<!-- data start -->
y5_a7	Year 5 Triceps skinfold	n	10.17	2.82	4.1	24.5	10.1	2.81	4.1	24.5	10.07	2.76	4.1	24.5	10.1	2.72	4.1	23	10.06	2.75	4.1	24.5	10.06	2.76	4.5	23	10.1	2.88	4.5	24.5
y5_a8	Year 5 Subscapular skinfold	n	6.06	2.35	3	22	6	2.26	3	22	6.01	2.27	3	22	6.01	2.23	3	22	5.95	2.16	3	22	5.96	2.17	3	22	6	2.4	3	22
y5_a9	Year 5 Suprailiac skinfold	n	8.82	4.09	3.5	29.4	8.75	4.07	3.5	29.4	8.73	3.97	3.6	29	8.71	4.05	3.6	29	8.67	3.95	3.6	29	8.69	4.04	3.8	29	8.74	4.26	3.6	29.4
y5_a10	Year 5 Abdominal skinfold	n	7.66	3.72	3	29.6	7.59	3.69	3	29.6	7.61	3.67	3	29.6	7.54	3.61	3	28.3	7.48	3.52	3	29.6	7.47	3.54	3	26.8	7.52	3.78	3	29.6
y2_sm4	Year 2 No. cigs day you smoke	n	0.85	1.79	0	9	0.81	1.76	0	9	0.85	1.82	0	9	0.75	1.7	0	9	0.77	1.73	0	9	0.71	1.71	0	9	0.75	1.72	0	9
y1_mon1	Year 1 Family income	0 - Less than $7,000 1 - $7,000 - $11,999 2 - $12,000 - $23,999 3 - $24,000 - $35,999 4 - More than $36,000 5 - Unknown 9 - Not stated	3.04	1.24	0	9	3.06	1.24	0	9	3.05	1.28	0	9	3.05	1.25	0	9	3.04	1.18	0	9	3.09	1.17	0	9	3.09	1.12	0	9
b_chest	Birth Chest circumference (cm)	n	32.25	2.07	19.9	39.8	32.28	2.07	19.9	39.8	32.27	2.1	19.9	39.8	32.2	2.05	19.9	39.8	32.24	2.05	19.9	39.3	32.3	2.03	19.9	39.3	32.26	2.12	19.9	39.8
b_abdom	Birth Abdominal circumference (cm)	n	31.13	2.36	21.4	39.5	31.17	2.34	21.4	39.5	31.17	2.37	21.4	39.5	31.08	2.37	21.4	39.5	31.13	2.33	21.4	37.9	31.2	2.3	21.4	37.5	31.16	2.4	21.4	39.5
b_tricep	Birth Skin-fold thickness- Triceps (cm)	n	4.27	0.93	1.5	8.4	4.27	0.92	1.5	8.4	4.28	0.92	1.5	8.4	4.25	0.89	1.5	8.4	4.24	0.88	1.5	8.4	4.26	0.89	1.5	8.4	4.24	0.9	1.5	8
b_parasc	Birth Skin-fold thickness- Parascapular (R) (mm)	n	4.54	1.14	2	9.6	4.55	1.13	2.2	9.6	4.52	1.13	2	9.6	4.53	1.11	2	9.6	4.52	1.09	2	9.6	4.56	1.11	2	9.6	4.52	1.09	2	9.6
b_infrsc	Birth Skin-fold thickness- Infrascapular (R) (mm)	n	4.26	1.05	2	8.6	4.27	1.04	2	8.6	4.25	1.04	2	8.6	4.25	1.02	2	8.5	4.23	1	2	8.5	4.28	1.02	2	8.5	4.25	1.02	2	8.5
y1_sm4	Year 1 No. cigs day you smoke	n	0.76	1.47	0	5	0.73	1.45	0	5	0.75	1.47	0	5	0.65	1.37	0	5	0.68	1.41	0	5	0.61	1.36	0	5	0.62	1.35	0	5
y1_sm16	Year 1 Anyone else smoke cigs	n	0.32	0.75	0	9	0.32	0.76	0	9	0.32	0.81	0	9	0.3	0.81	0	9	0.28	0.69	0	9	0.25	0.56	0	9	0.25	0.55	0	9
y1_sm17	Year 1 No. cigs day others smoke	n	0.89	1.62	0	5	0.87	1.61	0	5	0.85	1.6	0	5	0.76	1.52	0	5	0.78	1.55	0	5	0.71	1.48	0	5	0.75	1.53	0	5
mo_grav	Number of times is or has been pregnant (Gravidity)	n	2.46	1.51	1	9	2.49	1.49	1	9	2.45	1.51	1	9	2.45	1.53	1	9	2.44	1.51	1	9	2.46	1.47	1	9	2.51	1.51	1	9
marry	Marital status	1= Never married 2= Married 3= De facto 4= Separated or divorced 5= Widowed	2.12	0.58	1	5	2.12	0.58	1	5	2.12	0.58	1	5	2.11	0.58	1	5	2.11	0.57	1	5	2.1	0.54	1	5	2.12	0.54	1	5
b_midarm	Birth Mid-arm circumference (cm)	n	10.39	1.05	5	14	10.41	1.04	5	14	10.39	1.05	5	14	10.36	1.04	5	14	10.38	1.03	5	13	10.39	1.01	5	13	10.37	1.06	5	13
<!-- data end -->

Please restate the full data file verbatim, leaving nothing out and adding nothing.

y5_a7	Year 5 Triceps skinfold	n	10.17	2.82	4.1	24.5	10.1	2.81	4.1	24.5	10.07	2.76	4.1	24.5	10.1	2.72	4.1	23	10.06	2.75	4.1	24.5	10.06	2.76	4.5	23	10.1	2.88	4.5	24.5
y5_a8	Year 5 Subscapular skinfold	n	6.06	2.35	3	22	6	2.26	3	22	6.01	2.27	3	22	6.01	2.23	3	22	5.95	2.16	3	22	5.96	2.17	3	22	6	2.4	3	22
y5_a9	Year 5 Suprailiac skinfold	n	8.82	4.09	3.5	29.4	8.75	4.07	3.5	29.4	8.73	3.97	3.6	29	8.71	4.05	3.6	29	8.67	3.95	3.6	29	8.69	4.04	3.8	29	8.74	4.26	3.6	29.4
y5_a10	Year 5 Abdominal skinfold	n	7.66	3.72	3	29.6	7.59	3.69	3	29.6	7.61	3.67	3	29.6	7.54	3.61	3	28.3	7.48	3.52	3	29.6	7.47	3.54	3	26.8	7.52	3.78	3	29.6
y2_sm4	Year 2 No. cigs day you smoke	n	0.85	1.79	0	9	0.81	1.76	0	9	0.85	1.82	0	9	0.75	1.7	0	9	0.77	1.73	0	9	0.71	1.71	0	9	0.75	1.72	0	9
y1_mon1	Year 1 Family income	0 - Less than $7,000 1 - $7,000 - $11,999 2 - $12,000 - $23,999 3 - $24,000 - $35,999 4 - More than $36,000 5 - Unknown 9 - Not stated	3.04	1.24	0	9	3.06	1.24	0	9	3.05	1.28	0	9	3.05	1.25	0	9	3.04	1.18	0	9	3.09	1.17	0	9	3.09	1.12	0	9
b_chest	Birth Chest circumference (cm)	n	32.25	2.07	19.9	39.8	32.28	2.07	19.9	39.8	32.27	2.1	19.9	39.8	32.2	2.05	19.9	39.8	32.24	2.05	19.9	39.3	32.3	2.03	19.9	39.3	32.26	2.12	19.9	39.8
b_abdom	Birth Abdominal circumference (cm)	n	31.13	2.36	21.4	39.5	31.17	2.34	21.4	39.5	31.17	2.37	21.4	39.5	31.08	2.37	21.4	39.5	31.13	2.33	21.4	37.9	31.2	2.3	21.4	37.5	31.16	2.4	21.4	39.5
b_tricep	Birth Skin-fold thickness- Triceps (cm)	n	4.27	0.93	1.5	8.4	4.27	0.92	1.5	8.4	4.28	0.92	1.5	8.4	4.25	0.89	1.5	8.4	4.24	0.88	1.5	8.4	4.26	0.89	1.5	8.4	4.24	0.9	1.5	8
b_parasc	Birth Skin-fold thickness- Parascapular (R) (mm)	n	4.54	1.14	2	9.6	4.55	1.13	2.2	9.6	4.52	1.13	2	9.6	4.53	1.11	2	9.6	4.52	1.09	2	9.6	4.56	1.11	2	9.6	4.52	1.09	2	9.6
b_infrsc	Birth Skin-fold thickness- Infrascapular (R) (mm)	n	4.26	1.05	2	8.6	4.27	1.04	2	8.6	4.25	1.04	2	8.6	4.25	1.02	2	8.5	4.23	1	2	8.5	4.28	1.02	2	8.5	4.25	1.02	2	8.5
y1_sm4	Year 1 No. cigs day you smoke	n	0.76	1.47	0	5	0.73	1.45	0	5	0.75	1.47	0	5	0.65	1.37	0	5	0.68	1.41	0	5	0.61	1.36	0	5	0.62	1.35	0	5
y1_sm16	Year 1 Anyone else smoke cigs	n	0.32	0.75	0	9	0.32	0.76	0	9	0.32	0.81	0	9	0.3	0.81	0	9	0.28	0.69	0	9	0.25	0.56	0	9	0.25	0.55	0	9
y1_sm17	Year 1 No. cigs day others smoke	n	0.89	1.62	0	5	0.87	1.61	0	5	0.85	1.6	0	5	0.76	1.52	0	5	0.78	1.55	0	5	0.71	1.48	0	5	0.75	1.53	0	5
mo_grav	Number of times is or has been pregnant (Gravidity)	n	2.46	1.51	1	9	2.49	1.49	1	9	2.45	1.51	1	9	2.45	1.53	1	9	2.44	1.51	1	9	2.46	1.47	1	9	2.51	1.51	1	9
marry	Marital status	1= Never married 2= Married 3= De facto 4= Separated or divorced 5= Widowed	2.12	0.58	1	5	2.12	0.58	1	5	2.12	0.58	1	5	2.11	0.58	1	5	2.11	0.57	1	5	2.1	0.54	1	5	2.12	0.54	1	5
b_midarm	Birth Mid-arm circumference (cm)	n	10.39	1.05	5	14	10.41	1.04	5	14	10.39	1.05	5	14	10.36	1.04	5	14	10.38	1.03	5	13	10.39	1.01	5	13	10.37	1.06	5	13